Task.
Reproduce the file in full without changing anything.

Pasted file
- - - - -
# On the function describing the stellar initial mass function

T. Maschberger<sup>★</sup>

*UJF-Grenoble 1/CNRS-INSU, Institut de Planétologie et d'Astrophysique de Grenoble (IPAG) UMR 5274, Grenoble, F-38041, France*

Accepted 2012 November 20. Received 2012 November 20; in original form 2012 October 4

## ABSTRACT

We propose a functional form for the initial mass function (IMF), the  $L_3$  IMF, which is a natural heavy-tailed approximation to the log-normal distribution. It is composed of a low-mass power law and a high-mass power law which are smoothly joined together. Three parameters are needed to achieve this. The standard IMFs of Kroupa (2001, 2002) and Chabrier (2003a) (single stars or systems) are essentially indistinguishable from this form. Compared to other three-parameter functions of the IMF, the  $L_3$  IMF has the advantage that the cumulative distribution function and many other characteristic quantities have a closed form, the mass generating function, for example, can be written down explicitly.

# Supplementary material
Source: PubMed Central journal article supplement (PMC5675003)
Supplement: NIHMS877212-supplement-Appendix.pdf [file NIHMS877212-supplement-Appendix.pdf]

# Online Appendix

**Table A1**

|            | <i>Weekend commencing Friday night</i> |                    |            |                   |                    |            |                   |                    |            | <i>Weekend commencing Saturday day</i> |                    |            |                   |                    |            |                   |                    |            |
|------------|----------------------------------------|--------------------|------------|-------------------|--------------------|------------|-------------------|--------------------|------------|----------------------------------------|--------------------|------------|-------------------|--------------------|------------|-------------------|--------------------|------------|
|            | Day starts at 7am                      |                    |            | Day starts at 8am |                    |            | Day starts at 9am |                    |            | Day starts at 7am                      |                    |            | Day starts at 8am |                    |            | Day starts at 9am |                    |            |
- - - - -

# On the function describing the stellar initial mass function

T. Maschberger<sup>★</sup>

*UJF-Grenoble 1/CNRS-INSU, Institut de Planétologie et d'Astrophysique de Grenoble (IPAG) UMR 5274, Grenoble, F-38041, France*

Accepted 2012 November 20. Received 2012 November 20; in original form 2012 October 4

## ABSTRACT

We propose a functional form for the initial mass function (IMF), the  $L_3$  IMF, which is a natural heavy-tailed approximation to the log-normal distribution. It is composed of a low-mass power law and a high-mass power law which are smoothly joined together. Three parameters are needed to achieve this. The standard IMFs of Kroupa (2001, 2002) and Chabrier (2003a) (single stars or systems) are essentially indistinguishable from this form. Compared to other three-parameter functions of the IMF, the  $L_3$  IMF has the advantage that the cumulative distribution function and many other characteristic quantities have a closed form, the mass generating function, for example, can be written down explicitly.

# Supplementary material
Source: PubMed Central journal article supplement (PMC5675003)
Supplement: NIHMS877212-supplement-Appendix.pdf [file NIHMS877212-supplement-Appendix.pdf]

# Online Appendix

**Table A1**

|            | <i>Weekend commencing Friday night</i> |                    |            |                   |                    |            |                   |                    |            | <i>Weekend commencing Saturday day</i> |                    |            |                   |                    |            |                   |                    |            |
|------------|----------------------------------------|--------------------|------------|-------------------|--------------------|------------|-------------------|--------------------|------------|----------------------------------------|--------------------|------------|-------------------|--------------------|------------|-------------------|--------------------|------------|
|            | Day starts at 7am                      |                    |            | Day starts at 8am |                    |            | Day starts at 9am |                    |            | Day starts at 7am                      |                    |            | Day starts at 8am |                    |            | Day starts at 9am |                    |            |